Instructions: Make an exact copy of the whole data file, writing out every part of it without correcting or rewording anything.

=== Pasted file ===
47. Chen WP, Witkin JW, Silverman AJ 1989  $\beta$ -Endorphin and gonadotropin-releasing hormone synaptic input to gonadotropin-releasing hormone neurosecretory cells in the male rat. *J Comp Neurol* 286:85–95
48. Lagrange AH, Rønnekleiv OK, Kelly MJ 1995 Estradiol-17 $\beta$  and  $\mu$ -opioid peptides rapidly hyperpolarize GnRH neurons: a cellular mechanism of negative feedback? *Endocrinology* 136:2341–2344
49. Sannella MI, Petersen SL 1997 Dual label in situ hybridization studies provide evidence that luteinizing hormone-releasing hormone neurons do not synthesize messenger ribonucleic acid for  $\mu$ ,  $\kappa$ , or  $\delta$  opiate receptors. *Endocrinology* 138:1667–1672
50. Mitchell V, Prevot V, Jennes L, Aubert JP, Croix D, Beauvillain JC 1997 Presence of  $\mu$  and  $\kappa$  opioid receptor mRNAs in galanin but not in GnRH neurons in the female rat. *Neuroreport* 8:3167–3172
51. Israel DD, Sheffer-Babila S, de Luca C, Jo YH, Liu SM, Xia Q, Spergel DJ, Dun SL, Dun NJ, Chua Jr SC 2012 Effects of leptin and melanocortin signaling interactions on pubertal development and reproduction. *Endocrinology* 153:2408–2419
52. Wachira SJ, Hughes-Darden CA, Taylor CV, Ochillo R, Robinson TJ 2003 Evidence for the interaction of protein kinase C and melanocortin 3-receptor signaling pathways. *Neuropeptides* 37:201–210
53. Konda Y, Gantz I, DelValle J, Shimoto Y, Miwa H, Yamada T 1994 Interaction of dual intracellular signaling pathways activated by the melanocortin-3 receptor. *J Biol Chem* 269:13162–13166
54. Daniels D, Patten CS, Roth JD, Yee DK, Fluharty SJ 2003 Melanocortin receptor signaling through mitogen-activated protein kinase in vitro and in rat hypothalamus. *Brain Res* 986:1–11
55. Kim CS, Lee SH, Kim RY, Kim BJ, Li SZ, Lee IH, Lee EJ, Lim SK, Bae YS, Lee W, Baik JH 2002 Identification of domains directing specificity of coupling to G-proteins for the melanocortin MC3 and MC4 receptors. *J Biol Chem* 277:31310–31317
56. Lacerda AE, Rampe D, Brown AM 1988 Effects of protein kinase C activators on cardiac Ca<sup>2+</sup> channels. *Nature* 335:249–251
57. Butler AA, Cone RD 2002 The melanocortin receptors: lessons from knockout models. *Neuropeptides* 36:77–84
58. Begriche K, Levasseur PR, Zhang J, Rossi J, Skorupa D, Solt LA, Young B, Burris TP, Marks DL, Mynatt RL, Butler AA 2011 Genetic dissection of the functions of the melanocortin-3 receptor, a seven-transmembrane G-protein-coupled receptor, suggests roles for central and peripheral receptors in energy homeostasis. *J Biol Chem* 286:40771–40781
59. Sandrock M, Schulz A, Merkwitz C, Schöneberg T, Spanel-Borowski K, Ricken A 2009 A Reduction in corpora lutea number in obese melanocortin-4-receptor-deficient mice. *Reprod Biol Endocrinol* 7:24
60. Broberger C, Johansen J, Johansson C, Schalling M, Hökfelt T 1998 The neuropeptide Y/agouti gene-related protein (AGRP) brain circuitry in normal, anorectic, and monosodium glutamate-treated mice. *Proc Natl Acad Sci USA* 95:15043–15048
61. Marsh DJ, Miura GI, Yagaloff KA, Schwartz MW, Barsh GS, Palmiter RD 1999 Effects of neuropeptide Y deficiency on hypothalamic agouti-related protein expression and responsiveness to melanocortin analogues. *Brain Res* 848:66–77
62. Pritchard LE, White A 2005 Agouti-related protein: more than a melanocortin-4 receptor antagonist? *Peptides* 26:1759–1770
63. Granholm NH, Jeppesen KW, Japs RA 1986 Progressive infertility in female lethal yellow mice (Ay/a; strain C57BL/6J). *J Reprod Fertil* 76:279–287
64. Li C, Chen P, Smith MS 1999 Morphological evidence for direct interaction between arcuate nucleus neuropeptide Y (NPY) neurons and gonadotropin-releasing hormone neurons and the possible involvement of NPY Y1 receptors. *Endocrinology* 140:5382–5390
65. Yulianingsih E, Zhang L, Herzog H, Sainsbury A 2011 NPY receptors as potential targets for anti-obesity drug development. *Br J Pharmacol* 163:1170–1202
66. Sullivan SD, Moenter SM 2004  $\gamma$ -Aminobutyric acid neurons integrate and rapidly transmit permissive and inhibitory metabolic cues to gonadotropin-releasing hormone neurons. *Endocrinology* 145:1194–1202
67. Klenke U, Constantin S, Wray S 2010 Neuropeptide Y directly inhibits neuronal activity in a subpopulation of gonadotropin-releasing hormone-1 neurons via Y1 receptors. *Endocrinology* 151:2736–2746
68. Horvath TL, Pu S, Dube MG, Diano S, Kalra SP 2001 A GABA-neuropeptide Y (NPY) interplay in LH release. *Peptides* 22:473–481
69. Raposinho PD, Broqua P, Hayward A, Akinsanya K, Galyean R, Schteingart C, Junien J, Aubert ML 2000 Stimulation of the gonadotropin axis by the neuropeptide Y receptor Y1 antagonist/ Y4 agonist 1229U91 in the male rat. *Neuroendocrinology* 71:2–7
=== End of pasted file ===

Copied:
47. Chen WP, Witkin JW, Silverman AJ 1989  $\beta$ -Endorphin and gonadotropin-releasing hormone synaptic input to gonadotropin-releasing hormone neurosecretory cells in the male rat. *J Comp Neurol* 286:85–95
48. Lagrange AH, Rønnekleiv OK, Kelly MJ 1995 Estradiol-17 $\beta$  and  $\mu$ -opioid peptides rapidly hyperpolarize GnRH neurons: a cellular mechanism of negative feedback? *Endocrinology* 136:2341–2344
49. Sannella MI, Petersen SL 1997 Dual label in situ hybridization studies provide evidence that luteinizing hormone-releasing hormone neurons do not synthesize messenger ribonucleic acid for  $\mu$ ,  $\kappa$ , or  $\delta$  opiate receptors. *Endocrinology* 138:1667–1672
50. Mitchell V, Prevot V, Jennes L, Aubert JP, Croix D, Beauvillain JC 1997 Presence of  $\mu$  and  $\kappa$  opioid receptor mRNAs in galanin but not in GnRH neurons in the female rat. *Neuroreport* 8:3167–3172
51. Israel DD, Sheffer-Babila S, de Luca C, Jo YH, Liu SM, Xia Q, Spergel DJ, Dun SL, Dun NJ, Chua Jr SC 2012 Effects of leptin and melanocortin signaling interactions on pubertal development and reproduction. *Endocrinology* 153:2408–2419
52. Wachira SJ, Hughes-Darden CA, Taylor CV, Ochillo R, Robinson TJ 2003 Evidence for the interaction of protein kinase C and melanocortin 3-receptor signaling pathways. *Neuropeptides* 37:201–210
53. Konda Y, Gantz I, DelValle J, Shimoto Y, Miwa H, Yamada T 1994 Interaction of dual intracellular signaling pathways activated by the melanocortin-3 receptor. *J Biol Chem* 269:13162–13166
54. Daniels D, Patten CS, Roth JD, Yee DK, Fluharty SJ 2003 Melanocortin receptor signaling through mitogen-activated protein kinase in vitro and in rat hypothalamus. *Brain Res* 986:1–11
55. Kim CS, Lee SH, Kim RY, Kim BJ, Li SZ, Lee IH, Lee EJ, Lim SK, Bae YS, Lee W, Baik JH 2002 Identification of domains directing specificity of coupling to G-proteins for the melanocortin MC3 and MC4 receptors. *J Biol Chem* 277:31310–31317
56. Lacerda AE, Rampe D, Brown AM 1988 Effects of protein kinase C activators on cardiac Ca<sup>2+</sup> channels. *Nature* 335:249–251
57. Butler AA, Cone RD 2002 The melanocortin receptors: lessons from knockout models. *Neuropeptides* 36:77–84
58. Begriche K, Levasseur PR, Zhang J, Rossi J, Skorupa D, Solt LA, Young B, Burris TP, Marks DL, Mynatt RL, Butler AA 2011 Genetic dissection of the functions of the melanocortin-3 receptor, a seven-transmembrane G-protein-coupled receptor, suggests roles for central and peripheral receptors in energy homeostasis. *J Biol Chem* 286:40771–40781
59. Sandrock M, Schulz A, Merkwitz C, Schöneberg T, Spanel-Borowski K, Ricken A 2009 A Reduction in corpora lutea number in obese melanocortin-4-receptor-deficient mice. *Reprod Biol Endocrinol* 7:24
60. Broberger C, Johansen J, Johansson C, Schalling M, Hökfelt T 1998 The neuropeptide Y/agouti gene-related protein (AGRP) brain circuitry in normal, anorectic, and monosodium glutamate-treated mice. *Proc Natl Acad Sci USA* 95:15043–15048
61. Marsh DJ, Miura GI, Yagaloff KA, Schwartz MW, Barsh GS, Palmiter RD 1999 Effects of neuropeptide Y deficiency on hypothalamic agouti-related protein expression and responsiveness to melanocortin analogues. *Brain Res* 848:66–77
62. Pritchard LE, White A 2005 Agouti-related protein: more than a melanocortin-4 receptor antagonist? *Peptides* 26:1759–1770
63. Granholm NH, Jeppesen KW, Japs RA 1986 Progressive infertility in female lethal yellow mice (Ay/a; strain C57BL/6J). *J Reprod Fertil* 76:279–287
64. Li C, Chen P, Smith MS 1999 Morphological evidence for direct interaction between arcuate nucleus neuropeptide Y (NPY) neurons and gonadotropin-releasing hormone neurons and the possible involvement of NPY Y1 receptors. *Endocrinology* 140:5382–5390
65. Yulianingsih E, Zhang L, Herzog H, Sainsbury A 2011 NPY receptors as potential targets for anti-obesity drug development. *Br J Pharmacol* 163:1170–1202
66. Sullivan SD, Moenter SM 2004  $\gamma$ -Aminobutyric acid neurons integrate and rapidly transmit permissive and inhibitory metabolic cues to gonadotropin-releasing hormone neurons. *Endocrinology* 145:1194–1202
67. Klenke U, Constantin S, Wray S 2010 Neuropeptide Y directly inhibits neuronal activity in a subpopulation of gonadotropin-releasing hormone-1 neurons via Y1 receptors. *Endocrinology* 151:2736–2746
68. Horvath TL, Pu S, Dube MG, Diano S, Kalra SP 2001 A GABA-neuropeptide Y (NPY) interplay in LH release. *Peptides* 22:473–481
69. Raposinho PD, Broqua P, Hayward A, Akinsanya K, Galyean R, Schteingart C, Junien J, Aubert ML 2000 Stimulation of the gonadotropin axis by the neuropeptide Y receptor Y1 antagonist/ Y4 agonist 1229U91 in the male rat. *Neuroendocrinology* 71:2–7